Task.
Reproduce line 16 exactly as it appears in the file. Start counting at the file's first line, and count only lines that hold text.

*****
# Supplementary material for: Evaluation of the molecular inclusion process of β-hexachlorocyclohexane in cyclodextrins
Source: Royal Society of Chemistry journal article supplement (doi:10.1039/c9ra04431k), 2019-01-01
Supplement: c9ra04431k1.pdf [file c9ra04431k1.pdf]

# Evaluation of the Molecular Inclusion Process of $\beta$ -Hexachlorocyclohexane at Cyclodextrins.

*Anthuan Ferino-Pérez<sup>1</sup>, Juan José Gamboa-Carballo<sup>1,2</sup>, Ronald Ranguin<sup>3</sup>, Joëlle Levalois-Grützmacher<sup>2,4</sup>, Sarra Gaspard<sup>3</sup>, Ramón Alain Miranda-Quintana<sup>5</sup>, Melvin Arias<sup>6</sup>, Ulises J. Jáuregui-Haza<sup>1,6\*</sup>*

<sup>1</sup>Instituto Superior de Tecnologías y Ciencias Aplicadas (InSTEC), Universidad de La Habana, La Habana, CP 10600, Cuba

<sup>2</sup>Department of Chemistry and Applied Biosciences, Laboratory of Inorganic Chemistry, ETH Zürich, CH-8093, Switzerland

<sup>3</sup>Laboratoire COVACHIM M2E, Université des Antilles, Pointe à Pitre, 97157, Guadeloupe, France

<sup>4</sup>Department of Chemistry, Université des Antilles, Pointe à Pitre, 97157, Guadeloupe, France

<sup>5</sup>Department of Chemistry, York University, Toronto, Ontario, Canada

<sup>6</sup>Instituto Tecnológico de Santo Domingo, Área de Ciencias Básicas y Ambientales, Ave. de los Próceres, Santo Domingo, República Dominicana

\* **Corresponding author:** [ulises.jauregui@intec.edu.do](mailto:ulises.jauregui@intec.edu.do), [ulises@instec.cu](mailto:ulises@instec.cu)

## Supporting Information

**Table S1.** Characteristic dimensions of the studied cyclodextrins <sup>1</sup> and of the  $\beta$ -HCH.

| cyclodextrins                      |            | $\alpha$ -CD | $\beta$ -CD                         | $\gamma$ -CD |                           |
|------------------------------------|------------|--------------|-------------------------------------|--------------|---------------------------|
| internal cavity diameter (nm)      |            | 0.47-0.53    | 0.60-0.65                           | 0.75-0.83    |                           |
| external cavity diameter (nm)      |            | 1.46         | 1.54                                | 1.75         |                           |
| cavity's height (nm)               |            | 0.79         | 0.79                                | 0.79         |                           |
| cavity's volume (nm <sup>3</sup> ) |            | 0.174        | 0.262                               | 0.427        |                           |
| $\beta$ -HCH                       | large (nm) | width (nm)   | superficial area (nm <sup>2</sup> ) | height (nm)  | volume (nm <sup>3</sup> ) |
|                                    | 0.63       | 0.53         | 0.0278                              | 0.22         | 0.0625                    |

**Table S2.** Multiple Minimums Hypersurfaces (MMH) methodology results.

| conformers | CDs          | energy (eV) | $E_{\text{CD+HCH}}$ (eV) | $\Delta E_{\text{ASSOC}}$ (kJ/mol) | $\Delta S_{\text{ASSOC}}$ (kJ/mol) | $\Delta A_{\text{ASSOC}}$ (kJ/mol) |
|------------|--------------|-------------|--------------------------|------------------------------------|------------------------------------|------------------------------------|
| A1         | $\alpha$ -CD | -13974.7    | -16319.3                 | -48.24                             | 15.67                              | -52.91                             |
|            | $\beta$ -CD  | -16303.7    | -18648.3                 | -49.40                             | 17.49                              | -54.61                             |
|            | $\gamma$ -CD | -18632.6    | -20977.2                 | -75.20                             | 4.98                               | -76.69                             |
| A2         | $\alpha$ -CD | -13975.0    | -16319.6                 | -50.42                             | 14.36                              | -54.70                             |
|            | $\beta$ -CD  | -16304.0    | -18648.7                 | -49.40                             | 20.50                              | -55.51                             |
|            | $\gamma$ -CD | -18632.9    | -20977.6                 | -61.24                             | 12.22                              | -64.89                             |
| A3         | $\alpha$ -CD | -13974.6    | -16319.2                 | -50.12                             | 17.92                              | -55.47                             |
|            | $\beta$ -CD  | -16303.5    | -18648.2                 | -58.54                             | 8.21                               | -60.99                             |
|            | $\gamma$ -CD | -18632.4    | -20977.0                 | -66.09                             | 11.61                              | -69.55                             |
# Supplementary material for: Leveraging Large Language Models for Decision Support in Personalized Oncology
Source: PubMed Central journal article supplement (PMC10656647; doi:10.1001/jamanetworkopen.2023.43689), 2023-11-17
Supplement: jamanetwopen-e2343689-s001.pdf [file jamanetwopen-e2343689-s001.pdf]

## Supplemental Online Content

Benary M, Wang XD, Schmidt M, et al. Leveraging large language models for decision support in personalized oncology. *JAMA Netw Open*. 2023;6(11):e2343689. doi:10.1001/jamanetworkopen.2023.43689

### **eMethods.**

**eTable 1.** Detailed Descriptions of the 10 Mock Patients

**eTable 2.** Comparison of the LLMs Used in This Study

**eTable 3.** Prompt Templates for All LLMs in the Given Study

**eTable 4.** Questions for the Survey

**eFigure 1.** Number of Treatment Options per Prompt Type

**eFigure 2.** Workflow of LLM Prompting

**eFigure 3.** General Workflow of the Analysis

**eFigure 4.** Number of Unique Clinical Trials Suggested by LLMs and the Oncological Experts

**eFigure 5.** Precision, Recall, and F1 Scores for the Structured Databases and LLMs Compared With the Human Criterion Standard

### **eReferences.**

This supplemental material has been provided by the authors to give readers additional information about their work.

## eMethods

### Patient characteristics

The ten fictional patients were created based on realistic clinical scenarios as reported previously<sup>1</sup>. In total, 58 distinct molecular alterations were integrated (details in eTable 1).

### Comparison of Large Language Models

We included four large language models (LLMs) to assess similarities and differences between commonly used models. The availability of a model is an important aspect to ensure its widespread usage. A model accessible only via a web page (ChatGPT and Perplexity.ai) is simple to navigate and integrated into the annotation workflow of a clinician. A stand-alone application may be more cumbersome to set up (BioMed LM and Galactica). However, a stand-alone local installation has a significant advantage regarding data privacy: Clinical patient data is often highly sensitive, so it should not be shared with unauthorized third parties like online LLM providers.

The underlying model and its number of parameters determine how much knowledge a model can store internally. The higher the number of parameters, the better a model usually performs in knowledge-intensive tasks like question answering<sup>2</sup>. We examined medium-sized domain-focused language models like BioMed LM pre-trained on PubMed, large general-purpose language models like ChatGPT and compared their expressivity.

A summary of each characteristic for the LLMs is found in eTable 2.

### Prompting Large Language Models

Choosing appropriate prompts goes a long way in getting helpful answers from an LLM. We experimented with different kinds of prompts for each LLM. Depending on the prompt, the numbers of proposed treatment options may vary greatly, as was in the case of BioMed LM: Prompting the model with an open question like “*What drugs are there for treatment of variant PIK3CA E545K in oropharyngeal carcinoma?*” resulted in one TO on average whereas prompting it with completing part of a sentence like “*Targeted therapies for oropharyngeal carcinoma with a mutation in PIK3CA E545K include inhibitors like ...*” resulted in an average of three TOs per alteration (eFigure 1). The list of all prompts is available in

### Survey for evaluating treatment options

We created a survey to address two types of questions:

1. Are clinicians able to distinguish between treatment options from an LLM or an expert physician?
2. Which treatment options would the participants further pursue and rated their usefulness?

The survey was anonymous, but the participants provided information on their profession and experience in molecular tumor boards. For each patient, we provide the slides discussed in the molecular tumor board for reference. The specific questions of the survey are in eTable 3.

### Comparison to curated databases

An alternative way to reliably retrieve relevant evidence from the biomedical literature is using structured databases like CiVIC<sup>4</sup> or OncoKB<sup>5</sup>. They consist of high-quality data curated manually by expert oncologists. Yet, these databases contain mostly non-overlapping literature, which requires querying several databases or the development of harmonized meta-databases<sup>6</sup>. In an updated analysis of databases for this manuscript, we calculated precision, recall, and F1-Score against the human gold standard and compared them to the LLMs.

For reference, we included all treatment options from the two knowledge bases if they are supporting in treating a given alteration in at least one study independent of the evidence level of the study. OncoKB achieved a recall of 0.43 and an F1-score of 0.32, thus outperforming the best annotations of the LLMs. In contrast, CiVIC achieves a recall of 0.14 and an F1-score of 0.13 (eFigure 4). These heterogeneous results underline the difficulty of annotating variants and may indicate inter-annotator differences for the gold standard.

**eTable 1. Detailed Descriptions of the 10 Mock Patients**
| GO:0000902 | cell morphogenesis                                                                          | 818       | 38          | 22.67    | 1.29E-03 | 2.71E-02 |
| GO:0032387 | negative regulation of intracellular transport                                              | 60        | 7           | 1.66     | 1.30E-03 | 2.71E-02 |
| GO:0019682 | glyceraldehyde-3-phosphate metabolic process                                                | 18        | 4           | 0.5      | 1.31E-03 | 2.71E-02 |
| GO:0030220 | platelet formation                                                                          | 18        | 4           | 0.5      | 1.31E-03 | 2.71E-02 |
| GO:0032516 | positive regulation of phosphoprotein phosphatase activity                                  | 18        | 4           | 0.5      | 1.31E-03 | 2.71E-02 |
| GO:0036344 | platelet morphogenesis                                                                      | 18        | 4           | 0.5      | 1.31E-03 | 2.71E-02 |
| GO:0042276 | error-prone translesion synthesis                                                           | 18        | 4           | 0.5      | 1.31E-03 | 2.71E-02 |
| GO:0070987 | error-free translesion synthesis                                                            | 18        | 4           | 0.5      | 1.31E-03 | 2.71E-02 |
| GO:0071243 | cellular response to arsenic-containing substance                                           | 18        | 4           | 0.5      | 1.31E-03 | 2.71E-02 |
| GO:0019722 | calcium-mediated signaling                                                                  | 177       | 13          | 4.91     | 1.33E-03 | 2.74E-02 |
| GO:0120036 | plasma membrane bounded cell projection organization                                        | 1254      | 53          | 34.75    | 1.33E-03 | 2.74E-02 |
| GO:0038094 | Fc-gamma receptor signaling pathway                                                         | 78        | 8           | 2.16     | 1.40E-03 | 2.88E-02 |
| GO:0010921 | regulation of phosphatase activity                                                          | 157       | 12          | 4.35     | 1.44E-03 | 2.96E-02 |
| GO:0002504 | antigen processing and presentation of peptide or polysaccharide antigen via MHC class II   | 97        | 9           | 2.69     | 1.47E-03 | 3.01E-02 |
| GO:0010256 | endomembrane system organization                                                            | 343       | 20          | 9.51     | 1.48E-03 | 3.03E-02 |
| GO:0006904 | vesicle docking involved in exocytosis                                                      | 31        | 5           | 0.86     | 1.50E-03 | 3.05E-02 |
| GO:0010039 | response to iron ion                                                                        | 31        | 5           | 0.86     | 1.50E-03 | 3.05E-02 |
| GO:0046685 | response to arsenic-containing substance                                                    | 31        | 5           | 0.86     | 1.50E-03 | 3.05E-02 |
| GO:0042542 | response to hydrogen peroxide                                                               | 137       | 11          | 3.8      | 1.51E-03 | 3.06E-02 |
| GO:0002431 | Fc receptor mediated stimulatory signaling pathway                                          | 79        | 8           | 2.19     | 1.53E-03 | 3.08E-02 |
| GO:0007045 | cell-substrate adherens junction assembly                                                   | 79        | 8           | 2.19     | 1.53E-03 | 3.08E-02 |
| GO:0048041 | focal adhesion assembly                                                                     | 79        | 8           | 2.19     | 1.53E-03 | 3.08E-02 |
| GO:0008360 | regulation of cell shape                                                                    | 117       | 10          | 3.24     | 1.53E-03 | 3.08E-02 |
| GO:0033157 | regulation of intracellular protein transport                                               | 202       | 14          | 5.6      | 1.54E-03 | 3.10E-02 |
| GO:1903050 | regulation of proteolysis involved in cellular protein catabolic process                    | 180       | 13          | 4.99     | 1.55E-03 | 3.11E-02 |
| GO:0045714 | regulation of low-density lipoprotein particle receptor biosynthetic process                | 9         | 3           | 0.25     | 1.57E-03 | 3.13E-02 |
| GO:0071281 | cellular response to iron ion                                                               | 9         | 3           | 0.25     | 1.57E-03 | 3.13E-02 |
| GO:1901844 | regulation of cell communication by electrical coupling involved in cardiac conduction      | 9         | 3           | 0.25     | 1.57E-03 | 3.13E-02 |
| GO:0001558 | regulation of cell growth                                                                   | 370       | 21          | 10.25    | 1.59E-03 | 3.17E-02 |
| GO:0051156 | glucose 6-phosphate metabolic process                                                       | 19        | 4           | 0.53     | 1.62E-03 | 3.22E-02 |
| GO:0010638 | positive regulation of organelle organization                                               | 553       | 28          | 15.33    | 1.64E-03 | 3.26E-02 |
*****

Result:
|------------------------------------|------------|--------------|-------------------------------------|--------------|---------------------------|